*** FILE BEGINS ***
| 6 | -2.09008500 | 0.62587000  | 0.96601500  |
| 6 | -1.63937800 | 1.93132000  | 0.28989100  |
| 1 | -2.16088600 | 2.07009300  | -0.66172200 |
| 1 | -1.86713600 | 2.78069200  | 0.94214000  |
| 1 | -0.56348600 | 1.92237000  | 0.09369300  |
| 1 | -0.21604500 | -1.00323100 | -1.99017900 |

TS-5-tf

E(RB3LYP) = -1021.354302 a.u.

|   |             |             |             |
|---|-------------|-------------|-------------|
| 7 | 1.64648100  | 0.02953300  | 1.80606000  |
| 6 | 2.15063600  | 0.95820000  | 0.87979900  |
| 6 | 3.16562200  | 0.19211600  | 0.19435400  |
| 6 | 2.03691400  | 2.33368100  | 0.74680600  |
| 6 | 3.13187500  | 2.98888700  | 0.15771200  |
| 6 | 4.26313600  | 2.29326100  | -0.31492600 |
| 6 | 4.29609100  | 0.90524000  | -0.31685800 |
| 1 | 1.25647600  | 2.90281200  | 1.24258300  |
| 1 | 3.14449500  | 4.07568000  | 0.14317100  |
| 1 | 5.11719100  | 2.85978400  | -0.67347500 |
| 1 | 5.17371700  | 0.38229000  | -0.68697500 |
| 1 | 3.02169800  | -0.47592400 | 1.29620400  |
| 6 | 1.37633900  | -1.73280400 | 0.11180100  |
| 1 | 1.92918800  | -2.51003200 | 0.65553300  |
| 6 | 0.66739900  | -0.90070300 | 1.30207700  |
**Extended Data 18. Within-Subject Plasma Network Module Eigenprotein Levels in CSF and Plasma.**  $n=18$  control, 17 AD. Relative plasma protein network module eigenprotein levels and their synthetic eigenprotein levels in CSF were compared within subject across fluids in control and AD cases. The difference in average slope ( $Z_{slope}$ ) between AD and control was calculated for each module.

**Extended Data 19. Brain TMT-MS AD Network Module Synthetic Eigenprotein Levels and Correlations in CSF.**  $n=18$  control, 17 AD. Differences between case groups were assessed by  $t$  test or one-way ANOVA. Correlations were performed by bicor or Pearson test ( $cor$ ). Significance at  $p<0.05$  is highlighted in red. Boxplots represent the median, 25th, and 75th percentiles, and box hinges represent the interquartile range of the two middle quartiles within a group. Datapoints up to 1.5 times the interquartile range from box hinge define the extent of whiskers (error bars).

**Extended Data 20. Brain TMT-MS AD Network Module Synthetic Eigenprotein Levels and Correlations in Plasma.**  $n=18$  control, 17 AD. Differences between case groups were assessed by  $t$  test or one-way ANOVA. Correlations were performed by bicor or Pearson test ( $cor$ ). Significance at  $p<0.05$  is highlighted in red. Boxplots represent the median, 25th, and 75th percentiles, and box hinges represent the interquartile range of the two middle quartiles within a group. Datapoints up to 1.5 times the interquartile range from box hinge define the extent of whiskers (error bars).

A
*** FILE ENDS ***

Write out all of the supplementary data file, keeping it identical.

| 6 | -2.09008500 | 0.62587000  | 0.96601500  |
| 6 | -1.63937800 | 1.93132000  | 0.28989100  |
| 1 | -2.16088600 | 2.07009300  | -0.66172200 |
| 1 | -1.86713600 | 2.78069200  | 0.94214000  |
| 1 | -0.56348600 | 1.92237000  | 0.09369300  |
| 1 | -0.21604500 | -1.00323100 | -1.99017900 |

TS-5-tf

E(RB3LYP) = -1021.354302 a.u.

|   |             |             |             |
|---|-------------|-------------|-------------|
| 7 | 1.64648100  | 0.02953300  | 1.80606000  |
| 6 | 2.15063600  | 0.95820000  | 0.87979900  |
| 6 | 3.16562200  | 0.19211600  | 0.19435400  |
| 6 | 2.03691400  | 2.33368100  | 0.74680600  |
| 6 | 3.13187500  | 2.98888700  | 0.15771200  |
| 6 | 4.26313600  | 2.29326100  | -0.31492600 |
| 6 | 4.29609100  | 0.90524000  | -0.31685800 |
| 1 | 1.25647600  | 2.90281200  | 1.24258300  |
| 1 | 3.14449500  | 4.07568000  | 0.14317100  |
| 1 | 5.11719100  | 2.85978400  | -0.67347500 |
| 1 | 5.17371700  | 0.38229000  | -0.68697500 |
| 1 | 3.02169800  | -0.47592400 | 1.29620400  |
| 6 | 1.37633900  | -1.73280400 | 0.11180100  |
| 1 | 1.92918800  | -2.51003200 | 0.65553300  |
| 6 | 0.66739900  | -0.90070300 | 1.30207700  |
**Extended Data 18. Within-Subject Plasma Network Module Eigenprotein Levels in CSF and Plasma.**  $n=18$  control, 17 AD. Relative plasma protein network module eigenprotein levels and their synthetic eigenprotein levels in CSF were compared within subject across fluids in control and AD cases. The difference in average slope ( $Z_{slope}$ ) between AD and control was calculated for each module.

**Extended Data 19. Brain TMT-MS AD Network Module Synthetic Eigenprotein Levels and Correlations in CSF.**  $n=18$  control, 17 AD. Differences between case groups were assessed by  $t$  test or one-way ANOVA. Correlations were performed by bicor or Pearson test ( $cor$ ). Significance at  $p<0.05$  is highlighted in red. Boxplots represent the median, 25th, and 75th percentiles, and box hinges represent the interquartile range of the two middle quartiles within a group. Datapoints up to 1.5 times the interquartile range from box hinge define the extent of whiskers (error bars).

**Extended Data 20. Brain TMT-MS AD Network Module Synthetic Eigenprotein Levels and Correlations in Plasma.**  $n=18$  control, 17 AD. Differences between case groups were assessed by  $t$  test or one-way ANOVA. Correlations were performed by bicor or Pearson test ( $cor$ ). Significance at  $p<0.05$  is highlighted in red. Boxplots represent the median, 25th, and 75th percentiles, and box hinges represent the interquartile range of the two middle quartiles within a group. Datapoints up to 1.5 times the interquartile range from box hinge define the extent of whiskers (error bars).

A